BENJAMIN GODARD – The First Quartet

French Romantic composer Benjamin Godard [1849–1895] wrote three string quartets. Godard is a wonderfully expressive composer, steeped in the Romantic tradition. He has been on my short list for some time and now is the right time.

The First Quartet, which is in four movements, opens in a transcendental manner, with a feeling that is not of its time. Swirling, lyrical strings create a stunning atmosphere. The music then gives way to a short cello interlude before moving into a passage that could be Beethoven. Now settling in to a firm tempo, warm melodies overlap and, passing through a period of flourishes, finally settling on a feeling similar to the opening. This is joyful music, with fine harmonies accompanying the two violins. A period of descending melodic lines is heard and the cello becomes prominent, pushing the violins into another fine, lively passage. A feeling of the dramatic soon subsides into a wonderful peace, again evoking Beethoven with the two violins expressing over a quiet pizzicato cello. The music concludes on a gentle sustained chord.

The next movement opens quietly with all instruments playing pizzicato, in a slow tempo. Out of this a gentle violin melody gives way to the cello, leading to a stately feeling. This is carried on for a time before the earlier gentle melody returns. Long tones create a satisfying feeling, which moves to the end.

The third movement, marked andante quasi (in the manner of) allegro features a stunning opening, where violins and cello coalesce in a magnificent minor key passage. This is surely the emotional heart of the work, again being almost transcendental. A marvellously expressive cello part supports violin melodies that drift in and out of the mood. A gradual strengthening of the melodies moves this wonderful passage forward with a certain delicacy. This is not highly charged, but presents a lamenting atmosphere to die for. Finely crafted melodies begin to be more assertive, all the while still remaining in the minor tonality. Nearing the end, the violins again evoke Beethoven, and a gentle sustained chord concludes. This is a most expressive movement.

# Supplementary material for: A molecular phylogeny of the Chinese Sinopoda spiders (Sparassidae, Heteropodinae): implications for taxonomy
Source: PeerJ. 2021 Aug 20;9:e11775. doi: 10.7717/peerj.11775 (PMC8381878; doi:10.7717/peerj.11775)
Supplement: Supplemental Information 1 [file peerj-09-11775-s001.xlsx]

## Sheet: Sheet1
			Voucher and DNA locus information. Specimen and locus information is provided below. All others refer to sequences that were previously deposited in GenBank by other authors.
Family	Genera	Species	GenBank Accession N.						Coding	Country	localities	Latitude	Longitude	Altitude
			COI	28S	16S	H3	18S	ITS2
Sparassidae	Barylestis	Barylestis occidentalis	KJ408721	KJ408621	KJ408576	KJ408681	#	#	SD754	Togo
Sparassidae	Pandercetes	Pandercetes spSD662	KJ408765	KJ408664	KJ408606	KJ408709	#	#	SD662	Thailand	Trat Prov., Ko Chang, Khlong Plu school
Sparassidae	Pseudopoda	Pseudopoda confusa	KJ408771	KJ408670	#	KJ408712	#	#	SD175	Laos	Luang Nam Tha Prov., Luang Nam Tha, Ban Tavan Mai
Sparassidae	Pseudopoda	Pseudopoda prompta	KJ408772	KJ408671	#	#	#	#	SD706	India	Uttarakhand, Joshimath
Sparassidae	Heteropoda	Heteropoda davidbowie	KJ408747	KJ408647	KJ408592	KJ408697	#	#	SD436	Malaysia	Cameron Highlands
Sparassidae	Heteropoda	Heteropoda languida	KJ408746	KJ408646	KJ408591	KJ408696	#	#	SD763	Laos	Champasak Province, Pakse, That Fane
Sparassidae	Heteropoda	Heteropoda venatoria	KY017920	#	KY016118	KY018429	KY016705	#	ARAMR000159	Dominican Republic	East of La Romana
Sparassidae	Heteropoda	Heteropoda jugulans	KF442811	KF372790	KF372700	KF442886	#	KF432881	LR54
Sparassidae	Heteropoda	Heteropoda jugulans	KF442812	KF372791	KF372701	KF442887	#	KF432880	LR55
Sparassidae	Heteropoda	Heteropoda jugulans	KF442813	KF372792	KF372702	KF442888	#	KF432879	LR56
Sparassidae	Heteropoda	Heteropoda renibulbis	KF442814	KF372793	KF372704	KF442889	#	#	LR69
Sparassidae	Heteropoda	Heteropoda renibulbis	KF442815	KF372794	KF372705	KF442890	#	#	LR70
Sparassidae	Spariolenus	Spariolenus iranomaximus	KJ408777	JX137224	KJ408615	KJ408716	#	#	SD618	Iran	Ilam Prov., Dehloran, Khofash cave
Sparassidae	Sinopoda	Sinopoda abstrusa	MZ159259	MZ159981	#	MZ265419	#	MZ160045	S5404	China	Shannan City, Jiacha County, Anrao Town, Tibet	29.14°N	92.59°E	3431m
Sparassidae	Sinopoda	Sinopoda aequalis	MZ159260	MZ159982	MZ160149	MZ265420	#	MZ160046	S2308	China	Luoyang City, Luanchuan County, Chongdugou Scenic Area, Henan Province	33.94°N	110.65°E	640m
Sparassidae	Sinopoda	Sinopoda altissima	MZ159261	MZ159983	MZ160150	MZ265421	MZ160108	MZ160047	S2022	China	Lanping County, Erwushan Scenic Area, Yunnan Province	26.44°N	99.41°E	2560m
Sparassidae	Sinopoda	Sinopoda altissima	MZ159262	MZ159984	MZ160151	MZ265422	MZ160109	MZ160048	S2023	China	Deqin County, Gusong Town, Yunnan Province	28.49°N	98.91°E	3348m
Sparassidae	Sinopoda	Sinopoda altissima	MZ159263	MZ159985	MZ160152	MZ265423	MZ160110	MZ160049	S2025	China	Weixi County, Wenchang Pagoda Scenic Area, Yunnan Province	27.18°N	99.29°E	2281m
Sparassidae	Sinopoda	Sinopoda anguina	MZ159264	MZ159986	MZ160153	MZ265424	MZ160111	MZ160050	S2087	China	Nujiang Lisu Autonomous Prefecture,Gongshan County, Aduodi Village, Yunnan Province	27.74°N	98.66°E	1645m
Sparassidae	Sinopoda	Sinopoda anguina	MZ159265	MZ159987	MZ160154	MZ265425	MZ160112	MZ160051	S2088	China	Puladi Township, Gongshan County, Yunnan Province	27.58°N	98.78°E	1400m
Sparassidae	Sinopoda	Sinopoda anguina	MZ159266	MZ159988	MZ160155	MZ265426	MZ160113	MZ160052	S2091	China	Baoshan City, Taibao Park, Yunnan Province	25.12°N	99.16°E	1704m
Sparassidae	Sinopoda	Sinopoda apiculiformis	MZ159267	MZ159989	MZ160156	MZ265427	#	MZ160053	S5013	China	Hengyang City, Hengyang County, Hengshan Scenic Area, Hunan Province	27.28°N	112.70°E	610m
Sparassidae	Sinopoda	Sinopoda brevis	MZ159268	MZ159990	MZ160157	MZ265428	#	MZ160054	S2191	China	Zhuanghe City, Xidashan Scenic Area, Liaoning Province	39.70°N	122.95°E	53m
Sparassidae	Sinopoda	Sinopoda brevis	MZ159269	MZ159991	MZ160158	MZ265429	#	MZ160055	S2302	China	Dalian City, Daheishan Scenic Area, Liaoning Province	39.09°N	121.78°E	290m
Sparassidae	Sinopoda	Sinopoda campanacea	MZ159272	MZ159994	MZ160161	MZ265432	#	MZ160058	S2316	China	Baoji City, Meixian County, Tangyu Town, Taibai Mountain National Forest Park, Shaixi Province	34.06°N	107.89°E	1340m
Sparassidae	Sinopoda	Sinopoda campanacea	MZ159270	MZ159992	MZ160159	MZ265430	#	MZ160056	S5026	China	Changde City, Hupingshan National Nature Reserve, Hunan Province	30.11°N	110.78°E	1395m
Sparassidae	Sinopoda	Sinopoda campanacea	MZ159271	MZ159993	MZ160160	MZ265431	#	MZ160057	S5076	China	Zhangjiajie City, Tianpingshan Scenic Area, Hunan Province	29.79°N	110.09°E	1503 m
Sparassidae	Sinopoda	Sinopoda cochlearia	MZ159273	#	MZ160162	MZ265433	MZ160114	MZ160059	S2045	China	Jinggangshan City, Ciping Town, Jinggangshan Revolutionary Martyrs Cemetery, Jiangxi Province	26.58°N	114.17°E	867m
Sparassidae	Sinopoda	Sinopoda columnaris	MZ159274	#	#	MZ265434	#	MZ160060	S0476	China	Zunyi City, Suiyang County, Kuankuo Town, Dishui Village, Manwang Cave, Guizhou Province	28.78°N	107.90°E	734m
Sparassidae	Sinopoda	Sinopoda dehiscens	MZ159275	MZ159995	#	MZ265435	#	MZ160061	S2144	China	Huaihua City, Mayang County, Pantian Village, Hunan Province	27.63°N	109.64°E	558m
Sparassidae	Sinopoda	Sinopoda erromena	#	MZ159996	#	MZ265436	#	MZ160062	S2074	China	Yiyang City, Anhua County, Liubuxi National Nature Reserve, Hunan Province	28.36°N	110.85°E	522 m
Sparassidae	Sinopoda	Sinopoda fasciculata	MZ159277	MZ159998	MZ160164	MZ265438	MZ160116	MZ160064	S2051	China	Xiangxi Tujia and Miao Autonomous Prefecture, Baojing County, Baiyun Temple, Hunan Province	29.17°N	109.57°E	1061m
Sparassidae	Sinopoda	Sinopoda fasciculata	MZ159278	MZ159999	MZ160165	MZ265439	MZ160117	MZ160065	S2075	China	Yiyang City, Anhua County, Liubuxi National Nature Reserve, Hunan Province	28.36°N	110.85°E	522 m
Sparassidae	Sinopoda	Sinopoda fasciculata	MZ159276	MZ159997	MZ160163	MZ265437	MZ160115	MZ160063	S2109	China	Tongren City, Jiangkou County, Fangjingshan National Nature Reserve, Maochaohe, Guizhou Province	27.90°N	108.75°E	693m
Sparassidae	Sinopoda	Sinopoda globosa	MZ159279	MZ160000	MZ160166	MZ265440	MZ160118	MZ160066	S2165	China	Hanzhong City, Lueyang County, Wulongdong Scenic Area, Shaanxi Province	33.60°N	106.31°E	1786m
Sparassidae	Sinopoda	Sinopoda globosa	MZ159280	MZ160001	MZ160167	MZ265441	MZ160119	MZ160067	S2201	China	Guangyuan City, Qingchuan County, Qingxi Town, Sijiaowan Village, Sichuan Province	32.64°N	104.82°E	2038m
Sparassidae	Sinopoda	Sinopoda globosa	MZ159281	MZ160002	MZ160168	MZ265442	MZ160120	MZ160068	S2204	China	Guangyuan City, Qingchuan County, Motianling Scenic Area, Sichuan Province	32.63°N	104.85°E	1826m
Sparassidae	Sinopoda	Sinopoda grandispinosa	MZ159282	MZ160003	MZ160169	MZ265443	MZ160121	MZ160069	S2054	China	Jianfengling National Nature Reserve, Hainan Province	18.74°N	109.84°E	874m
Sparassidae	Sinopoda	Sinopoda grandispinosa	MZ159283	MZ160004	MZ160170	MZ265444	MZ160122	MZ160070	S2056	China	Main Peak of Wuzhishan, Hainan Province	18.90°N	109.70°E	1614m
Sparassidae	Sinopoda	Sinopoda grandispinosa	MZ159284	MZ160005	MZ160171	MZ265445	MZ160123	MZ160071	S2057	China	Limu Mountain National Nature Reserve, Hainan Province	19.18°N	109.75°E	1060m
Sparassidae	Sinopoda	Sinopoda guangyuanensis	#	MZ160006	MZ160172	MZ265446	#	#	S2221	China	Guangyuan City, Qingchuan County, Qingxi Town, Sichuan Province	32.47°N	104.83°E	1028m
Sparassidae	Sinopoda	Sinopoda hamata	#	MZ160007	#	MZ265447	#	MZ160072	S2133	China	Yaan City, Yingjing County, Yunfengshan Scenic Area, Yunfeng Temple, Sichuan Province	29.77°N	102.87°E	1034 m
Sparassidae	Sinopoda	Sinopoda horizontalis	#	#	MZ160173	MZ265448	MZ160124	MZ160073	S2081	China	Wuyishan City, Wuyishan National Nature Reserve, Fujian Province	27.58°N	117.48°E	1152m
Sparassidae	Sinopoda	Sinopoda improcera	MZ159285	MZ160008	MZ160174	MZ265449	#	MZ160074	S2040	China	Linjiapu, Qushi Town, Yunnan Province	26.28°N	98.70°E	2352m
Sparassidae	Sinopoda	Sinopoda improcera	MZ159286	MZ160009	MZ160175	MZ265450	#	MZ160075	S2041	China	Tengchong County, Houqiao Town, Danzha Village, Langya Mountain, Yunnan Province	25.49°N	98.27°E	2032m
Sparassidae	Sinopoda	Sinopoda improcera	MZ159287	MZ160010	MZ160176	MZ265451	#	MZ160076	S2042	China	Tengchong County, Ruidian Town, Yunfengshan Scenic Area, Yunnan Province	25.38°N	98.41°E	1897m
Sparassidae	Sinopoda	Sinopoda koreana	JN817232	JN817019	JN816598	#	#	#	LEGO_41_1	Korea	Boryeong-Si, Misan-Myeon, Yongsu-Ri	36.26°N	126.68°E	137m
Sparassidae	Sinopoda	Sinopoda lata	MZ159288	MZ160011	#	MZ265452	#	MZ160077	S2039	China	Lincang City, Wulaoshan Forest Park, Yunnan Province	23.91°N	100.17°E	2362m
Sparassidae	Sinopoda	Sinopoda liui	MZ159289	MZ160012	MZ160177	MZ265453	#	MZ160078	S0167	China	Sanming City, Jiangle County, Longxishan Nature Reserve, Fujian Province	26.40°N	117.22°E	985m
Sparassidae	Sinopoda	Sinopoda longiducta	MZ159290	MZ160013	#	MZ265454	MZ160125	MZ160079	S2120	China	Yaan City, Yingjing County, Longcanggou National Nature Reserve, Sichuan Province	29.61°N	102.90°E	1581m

An allegro tempo marking has the final movement spinning out a varied melodic section, which drifts in and out of tempo. I find this movement to be not as attractive as those preceding it, with the violin melodies not seemingly able to settle into any sense of certainty. There are many melodic variations and interactions that are of a serious nature and I find myself longing for the quality of the slow movements. Finally, the music works itself into a frenzy and concludes.

The review CD, containing all three quartets is titled Godard:Les Trois Quatuors and performed by Quatuor Élysée on the Timpani. It is available on Amazon US and UK.

The other two quartets are also very fine, with both featuring wonderful slow movements.

This CD is on Spotify, and all three quartets are on earsense and YouTube.

Listenability: Fine Romantic works.


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